Yet it was after Modi and Xi Jinping’s informal Wuhan summit in April that New Delhi categorically hinted that it would not become part of any geopolitical game which would be openly anti-China in its stance. It is seen as India’s calculated move vis-à-vis China. Nitin Gokhale, a well-known strategic expert, claims that after the 73-day Doklam incident, a lot of “churnings” have taken place within China too. “President Xi Jinping has realized that he was briefed wrongly by his advisors on India’s NSG aspiration, Doklam and Belt and Road Initiative,” he says.
While such claims are debatable, there is a buzz in New Delhi’s diplomatic circle that even as India made no headway at the NSG’s plenary summit in Latvia on June 14-15, at the next meet of the 48-member export control regime in December, there are chances China would not come in the way of India’s membership. Foreign secretary Vijay Gokhale, who made an “unnoticed” visit to Russia on August 24 in preparation for president Vladimir Putin’s October visit to India, is said to have been assured by Russian authorities that Moscow would do the needful in taking China into confidence on the NSG issue.
Experts say that there are several reasons why India wants good neighbourly relations with China. First, the 2019 parliamentary polls are not far away; the Narendra Modi-led government doesn’t want any kind of tension with China when the nation is a few months away from the next general election. Secondly, there is a huge economic, defence and strategic gap between India and China and, since this gap can’t be filled in a short-term period, New Delhi doesn’t want any direct confrontation with China. Thirdly, under its ‘Make in India’ initiative, the government wants to make the country a manufacturing hub. It aims to increase the share of manufacturing in the country’s GDP to 25 percent by 2025. And this can’t happen in the absence of peace and stability in the region.
These factors have not restrained India from undertaking its engagement with strategic partners in Southeast Asia. Soon after the red-carpet welcome to China’s defence minister Gen Wei Fenghe in New Delhi, Sitharaman flew to Bangkok on August 27 on a two-day visit. In the first ever BIMSTEC joint military exercise, scheduled to start from September 12, Thai royal army members are participating in the weeklong drill in counter terrorism. Only 30 army personnel from each BIMSTEC member will participate in the joint military exercise. During the weeklong military exercise, army chiefs of the seven member nations of the group are also expected to meet in Pune, which will be the first of its kind in the region.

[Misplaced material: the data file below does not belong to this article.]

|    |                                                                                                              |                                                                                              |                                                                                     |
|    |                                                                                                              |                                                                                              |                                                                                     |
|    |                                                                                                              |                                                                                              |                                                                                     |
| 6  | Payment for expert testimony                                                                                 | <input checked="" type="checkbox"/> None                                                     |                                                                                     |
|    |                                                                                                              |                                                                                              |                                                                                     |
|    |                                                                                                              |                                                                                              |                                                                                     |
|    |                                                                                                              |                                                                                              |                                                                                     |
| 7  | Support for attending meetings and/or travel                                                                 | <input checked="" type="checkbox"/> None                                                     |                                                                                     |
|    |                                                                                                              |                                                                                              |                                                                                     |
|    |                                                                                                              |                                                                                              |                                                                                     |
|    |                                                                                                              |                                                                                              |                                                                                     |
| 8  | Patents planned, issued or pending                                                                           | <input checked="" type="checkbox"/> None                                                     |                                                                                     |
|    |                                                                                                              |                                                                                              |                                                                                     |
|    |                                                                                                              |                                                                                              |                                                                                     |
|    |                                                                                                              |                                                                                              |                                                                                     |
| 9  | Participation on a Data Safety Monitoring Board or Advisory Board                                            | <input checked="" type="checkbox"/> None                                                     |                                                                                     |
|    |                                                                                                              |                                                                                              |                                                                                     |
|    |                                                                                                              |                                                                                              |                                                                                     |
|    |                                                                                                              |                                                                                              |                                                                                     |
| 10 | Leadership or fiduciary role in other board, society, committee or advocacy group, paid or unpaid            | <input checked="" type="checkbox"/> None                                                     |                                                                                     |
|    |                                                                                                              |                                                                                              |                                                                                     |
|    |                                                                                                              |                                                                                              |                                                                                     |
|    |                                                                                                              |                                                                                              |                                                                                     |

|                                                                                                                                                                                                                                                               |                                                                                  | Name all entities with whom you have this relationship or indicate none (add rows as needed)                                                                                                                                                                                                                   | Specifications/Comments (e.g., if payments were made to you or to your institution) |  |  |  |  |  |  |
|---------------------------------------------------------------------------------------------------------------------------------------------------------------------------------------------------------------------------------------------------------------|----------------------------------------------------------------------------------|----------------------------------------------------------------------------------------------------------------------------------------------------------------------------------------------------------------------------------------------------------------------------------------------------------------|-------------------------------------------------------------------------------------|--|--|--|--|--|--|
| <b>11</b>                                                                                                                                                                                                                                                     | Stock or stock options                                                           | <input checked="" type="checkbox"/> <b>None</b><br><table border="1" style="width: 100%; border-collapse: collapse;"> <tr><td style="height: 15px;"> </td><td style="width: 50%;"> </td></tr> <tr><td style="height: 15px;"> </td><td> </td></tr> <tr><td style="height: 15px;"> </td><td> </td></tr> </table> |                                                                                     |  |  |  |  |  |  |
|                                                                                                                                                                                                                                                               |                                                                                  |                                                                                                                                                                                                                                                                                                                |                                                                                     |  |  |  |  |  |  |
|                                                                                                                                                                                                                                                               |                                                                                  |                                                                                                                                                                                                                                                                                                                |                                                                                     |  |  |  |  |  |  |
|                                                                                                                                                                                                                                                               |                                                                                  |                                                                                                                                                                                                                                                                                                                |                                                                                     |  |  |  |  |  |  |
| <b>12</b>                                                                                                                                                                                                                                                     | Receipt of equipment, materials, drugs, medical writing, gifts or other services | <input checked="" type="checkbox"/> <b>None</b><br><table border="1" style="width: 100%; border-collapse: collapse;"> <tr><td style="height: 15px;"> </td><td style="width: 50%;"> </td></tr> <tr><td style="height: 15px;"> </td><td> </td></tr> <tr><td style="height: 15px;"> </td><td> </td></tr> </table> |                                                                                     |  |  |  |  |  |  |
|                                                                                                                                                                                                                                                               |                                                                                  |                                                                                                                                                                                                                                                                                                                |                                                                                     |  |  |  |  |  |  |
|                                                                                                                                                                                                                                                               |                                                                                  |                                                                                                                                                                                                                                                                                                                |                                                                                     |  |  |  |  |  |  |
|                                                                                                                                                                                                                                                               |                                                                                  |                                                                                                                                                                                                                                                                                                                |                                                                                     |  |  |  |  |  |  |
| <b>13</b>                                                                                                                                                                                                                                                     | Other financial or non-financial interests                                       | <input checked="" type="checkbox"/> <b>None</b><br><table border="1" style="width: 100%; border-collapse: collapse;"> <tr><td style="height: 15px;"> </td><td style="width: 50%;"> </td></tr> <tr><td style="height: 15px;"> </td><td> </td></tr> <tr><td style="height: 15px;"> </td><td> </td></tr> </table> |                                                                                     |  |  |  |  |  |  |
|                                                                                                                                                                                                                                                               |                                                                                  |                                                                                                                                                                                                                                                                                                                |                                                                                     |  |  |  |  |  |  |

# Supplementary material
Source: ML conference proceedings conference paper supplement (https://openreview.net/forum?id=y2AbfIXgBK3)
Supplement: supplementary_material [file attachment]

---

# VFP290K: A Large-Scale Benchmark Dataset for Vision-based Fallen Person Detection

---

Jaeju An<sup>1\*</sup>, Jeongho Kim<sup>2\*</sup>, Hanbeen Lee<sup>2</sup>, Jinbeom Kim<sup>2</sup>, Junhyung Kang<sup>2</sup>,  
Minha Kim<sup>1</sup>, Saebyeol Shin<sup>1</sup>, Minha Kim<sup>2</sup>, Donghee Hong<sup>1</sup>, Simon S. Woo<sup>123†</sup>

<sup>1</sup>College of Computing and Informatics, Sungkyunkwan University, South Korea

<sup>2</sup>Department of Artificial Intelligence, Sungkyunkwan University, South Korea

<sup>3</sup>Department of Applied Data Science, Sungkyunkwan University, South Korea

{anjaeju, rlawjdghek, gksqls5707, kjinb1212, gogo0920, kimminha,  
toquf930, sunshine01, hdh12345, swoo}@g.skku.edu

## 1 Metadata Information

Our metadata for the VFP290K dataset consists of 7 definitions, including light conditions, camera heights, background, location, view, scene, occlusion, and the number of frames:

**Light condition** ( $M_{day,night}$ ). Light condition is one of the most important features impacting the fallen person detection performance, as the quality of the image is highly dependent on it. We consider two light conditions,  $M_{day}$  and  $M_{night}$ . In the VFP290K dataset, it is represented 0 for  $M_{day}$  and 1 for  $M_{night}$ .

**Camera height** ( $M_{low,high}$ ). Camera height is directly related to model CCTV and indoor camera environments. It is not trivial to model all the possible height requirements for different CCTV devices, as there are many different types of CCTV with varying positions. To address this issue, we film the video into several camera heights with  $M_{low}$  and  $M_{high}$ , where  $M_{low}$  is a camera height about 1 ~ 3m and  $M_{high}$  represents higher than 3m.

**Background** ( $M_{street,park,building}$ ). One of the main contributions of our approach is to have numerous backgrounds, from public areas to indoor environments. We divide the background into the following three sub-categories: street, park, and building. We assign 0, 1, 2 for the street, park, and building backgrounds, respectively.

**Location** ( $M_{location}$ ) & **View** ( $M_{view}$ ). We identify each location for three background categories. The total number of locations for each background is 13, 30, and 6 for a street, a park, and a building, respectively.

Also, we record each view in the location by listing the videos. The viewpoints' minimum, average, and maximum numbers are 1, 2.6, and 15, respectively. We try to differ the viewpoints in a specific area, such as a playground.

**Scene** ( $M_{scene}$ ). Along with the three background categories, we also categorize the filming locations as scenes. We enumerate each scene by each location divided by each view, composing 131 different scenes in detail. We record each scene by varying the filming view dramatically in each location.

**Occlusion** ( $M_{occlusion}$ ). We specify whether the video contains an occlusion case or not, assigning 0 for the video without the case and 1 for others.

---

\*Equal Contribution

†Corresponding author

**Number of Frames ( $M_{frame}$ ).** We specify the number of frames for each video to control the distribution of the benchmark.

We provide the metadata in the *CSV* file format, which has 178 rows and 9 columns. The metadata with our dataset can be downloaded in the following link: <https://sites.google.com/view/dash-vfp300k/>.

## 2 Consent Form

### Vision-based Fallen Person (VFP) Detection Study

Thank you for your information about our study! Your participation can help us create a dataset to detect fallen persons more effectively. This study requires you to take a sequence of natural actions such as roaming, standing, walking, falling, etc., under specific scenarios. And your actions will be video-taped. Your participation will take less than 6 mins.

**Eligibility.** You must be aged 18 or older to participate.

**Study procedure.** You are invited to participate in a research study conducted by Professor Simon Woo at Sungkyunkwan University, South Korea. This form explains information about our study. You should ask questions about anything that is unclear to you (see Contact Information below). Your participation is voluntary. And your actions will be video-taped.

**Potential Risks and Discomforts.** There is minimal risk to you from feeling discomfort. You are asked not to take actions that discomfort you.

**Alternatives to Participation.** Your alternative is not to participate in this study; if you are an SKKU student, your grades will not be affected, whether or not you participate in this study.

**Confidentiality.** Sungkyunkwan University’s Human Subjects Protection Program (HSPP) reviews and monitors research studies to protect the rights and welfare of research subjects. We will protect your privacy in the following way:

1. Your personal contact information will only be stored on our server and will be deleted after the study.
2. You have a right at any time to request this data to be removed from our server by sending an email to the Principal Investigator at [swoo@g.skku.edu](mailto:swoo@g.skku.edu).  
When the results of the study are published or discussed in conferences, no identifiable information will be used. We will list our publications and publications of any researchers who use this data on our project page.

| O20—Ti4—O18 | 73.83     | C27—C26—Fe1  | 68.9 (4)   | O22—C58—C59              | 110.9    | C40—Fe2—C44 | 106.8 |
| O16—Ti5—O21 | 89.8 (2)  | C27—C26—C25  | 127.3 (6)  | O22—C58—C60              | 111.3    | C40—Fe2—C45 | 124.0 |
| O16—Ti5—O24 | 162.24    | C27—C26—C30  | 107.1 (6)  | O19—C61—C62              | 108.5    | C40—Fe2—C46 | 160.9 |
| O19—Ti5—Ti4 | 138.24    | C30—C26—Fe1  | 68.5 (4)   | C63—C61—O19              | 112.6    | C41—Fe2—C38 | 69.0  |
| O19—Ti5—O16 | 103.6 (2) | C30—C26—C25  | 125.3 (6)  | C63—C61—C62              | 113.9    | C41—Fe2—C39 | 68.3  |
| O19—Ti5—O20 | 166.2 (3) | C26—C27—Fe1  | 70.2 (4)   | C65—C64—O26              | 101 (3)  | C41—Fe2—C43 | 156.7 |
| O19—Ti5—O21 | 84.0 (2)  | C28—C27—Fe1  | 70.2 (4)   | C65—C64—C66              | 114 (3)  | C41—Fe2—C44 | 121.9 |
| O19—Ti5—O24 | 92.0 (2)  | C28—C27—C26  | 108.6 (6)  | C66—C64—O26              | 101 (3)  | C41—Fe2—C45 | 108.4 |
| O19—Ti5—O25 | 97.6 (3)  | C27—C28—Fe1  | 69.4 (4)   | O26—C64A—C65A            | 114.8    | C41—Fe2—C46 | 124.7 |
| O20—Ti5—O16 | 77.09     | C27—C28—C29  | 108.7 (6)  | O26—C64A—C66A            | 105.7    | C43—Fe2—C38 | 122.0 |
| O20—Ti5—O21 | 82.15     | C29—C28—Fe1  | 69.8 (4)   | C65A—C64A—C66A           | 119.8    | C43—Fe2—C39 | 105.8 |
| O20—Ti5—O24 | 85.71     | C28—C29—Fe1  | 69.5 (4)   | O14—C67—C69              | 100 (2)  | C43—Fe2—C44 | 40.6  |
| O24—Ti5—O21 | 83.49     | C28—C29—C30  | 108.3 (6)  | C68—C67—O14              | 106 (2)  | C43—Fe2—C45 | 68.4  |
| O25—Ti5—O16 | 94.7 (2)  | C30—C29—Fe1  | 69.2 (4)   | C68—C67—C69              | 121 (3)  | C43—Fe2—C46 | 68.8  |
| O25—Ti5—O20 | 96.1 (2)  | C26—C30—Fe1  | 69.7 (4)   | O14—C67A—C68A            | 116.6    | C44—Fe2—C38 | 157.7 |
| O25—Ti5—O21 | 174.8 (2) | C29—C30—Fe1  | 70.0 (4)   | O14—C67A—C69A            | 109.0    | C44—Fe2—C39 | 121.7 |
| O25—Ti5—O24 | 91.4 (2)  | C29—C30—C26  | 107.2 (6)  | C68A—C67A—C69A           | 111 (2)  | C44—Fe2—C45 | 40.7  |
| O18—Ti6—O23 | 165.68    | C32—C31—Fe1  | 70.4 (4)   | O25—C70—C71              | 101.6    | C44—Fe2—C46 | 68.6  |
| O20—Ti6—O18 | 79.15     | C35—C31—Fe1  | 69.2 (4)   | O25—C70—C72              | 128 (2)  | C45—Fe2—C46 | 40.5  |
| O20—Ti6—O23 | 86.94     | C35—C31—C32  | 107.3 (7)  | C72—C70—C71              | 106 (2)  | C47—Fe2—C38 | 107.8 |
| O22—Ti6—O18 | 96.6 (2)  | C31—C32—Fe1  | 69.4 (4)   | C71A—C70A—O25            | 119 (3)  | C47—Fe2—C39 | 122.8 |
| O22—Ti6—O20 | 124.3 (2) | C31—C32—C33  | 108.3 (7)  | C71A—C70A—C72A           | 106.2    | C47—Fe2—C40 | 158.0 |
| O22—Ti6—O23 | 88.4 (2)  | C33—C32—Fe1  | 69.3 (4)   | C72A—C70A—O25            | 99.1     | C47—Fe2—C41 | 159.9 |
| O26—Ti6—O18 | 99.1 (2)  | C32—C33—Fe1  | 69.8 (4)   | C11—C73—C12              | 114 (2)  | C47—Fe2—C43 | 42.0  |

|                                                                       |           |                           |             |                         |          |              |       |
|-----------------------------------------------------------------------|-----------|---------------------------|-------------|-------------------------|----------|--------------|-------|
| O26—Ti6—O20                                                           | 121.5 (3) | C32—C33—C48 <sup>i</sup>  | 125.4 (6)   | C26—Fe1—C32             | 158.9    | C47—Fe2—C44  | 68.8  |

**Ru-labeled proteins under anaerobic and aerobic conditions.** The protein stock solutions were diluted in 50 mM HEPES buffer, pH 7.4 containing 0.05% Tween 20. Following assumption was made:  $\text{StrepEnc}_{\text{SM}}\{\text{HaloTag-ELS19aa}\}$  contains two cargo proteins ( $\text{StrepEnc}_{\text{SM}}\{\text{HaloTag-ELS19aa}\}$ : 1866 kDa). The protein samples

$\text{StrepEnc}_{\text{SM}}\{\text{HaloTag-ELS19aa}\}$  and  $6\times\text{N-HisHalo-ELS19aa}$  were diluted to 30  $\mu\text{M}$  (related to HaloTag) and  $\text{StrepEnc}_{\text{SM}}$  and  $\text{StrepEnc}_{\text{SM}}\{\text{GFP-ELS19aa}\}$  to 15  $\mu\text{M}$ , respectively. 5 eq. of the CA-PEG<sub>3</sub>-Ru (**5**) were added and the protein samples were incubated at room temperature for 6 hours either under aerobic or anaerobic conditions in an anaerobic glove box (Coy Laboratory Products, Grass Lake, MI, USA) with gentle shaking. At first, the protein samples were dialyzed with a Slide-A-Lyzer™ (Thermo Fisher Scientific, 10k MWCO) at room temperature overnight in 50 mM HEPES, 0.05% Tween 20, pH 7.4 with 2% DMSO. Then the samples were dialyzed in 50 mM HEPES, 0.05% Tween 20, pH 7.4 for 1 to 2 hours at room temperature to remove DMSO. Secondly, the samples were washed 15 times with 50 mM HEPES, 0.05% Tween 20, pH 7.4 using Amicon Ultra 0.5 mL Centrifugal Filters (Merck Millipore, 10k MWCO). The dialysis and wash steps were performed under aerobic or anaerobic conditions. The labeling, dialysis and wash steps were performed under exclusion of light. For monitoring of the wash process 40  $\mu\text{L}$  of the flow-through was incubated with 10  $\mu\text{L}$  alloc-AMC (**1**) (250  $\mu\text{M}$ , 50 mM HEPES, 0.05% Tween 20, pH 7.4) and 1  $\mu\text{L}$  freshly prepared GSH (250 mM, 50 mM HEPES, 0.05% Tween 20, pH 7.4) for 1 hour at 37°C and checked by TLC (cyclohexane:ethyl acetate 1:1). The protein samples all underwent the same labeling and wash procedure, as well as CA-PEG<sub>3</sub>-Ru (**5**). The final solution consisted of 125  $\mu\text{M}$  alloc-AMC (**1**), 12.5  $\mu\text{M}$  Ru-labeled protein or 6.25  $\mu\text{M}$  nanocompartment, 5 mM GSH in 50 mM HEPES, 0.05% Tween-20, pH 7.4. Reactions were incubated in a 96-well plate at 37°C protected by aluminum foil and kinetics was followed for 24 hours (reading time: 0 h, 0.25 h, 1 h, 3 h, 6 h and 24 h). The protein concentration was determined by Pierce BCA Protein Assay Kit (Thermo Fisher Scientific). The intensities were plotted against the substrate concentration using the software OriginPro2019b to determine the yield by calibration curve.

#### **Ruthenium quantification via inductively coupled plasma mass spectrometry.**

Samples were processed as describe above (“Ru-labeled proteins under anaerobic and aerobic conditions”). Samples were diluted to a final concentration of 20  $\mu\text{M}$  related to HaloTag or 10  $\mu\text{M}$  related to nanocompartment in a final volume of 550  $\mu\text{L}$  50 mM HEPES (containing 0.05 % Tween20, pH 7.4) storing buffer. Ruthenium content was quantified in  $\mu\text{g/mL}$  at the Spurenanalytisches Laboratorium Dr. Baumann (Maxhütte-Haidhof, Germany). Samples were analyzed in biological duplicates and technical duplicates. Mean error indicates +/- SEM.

Attended by prime minister Narendra Modi, the BIMSTEC concluded its August 30-31 summit in Kathmandu. It is during this time, precisely from August 26 to 29, that minister of external affairs Sushma Swaraj undertook a four-day visit to Vietnam and Cambodia to deepen India’s strategic cooperation with the two key ASEAN nations. All this is happening even as Modi in his Shangri-La Dialogue speech in Singapore on June 1 made it clear that “Asia and the world will have a better future when India and China work together.” He had also said India never viewed the Indo-Pacific region as “a strategy or as a club of limited members”.
Sources say there are several other reasons why India is resisting against the proposed joint regional infrastructure project in the Indo-Pacific region. First, no name has been given to the project; second, it is not clear how Japan, the US and Australia will mobilise money for the project which also needs clarity on how it will foster a free, inclusive, open and prosperous Indo-Pacific region; third, the unpredictability of the US leadership. Yet, India participated in the June 7 meeting of Quad (comprising India, Japan, the US and Australia) in Singapore. This was the second informal meeting of the Quad and it was attended by joint secretary level officials of all four countries. But the question is what purpose Quad serves for India when it has been unveiled with the sole aim of maintaining maritime security in the Indian and the Pacific Oceans, fight off terrorism and oppose China’s aggressive design across the world?
(The article appears in the September 30, 2018 issue)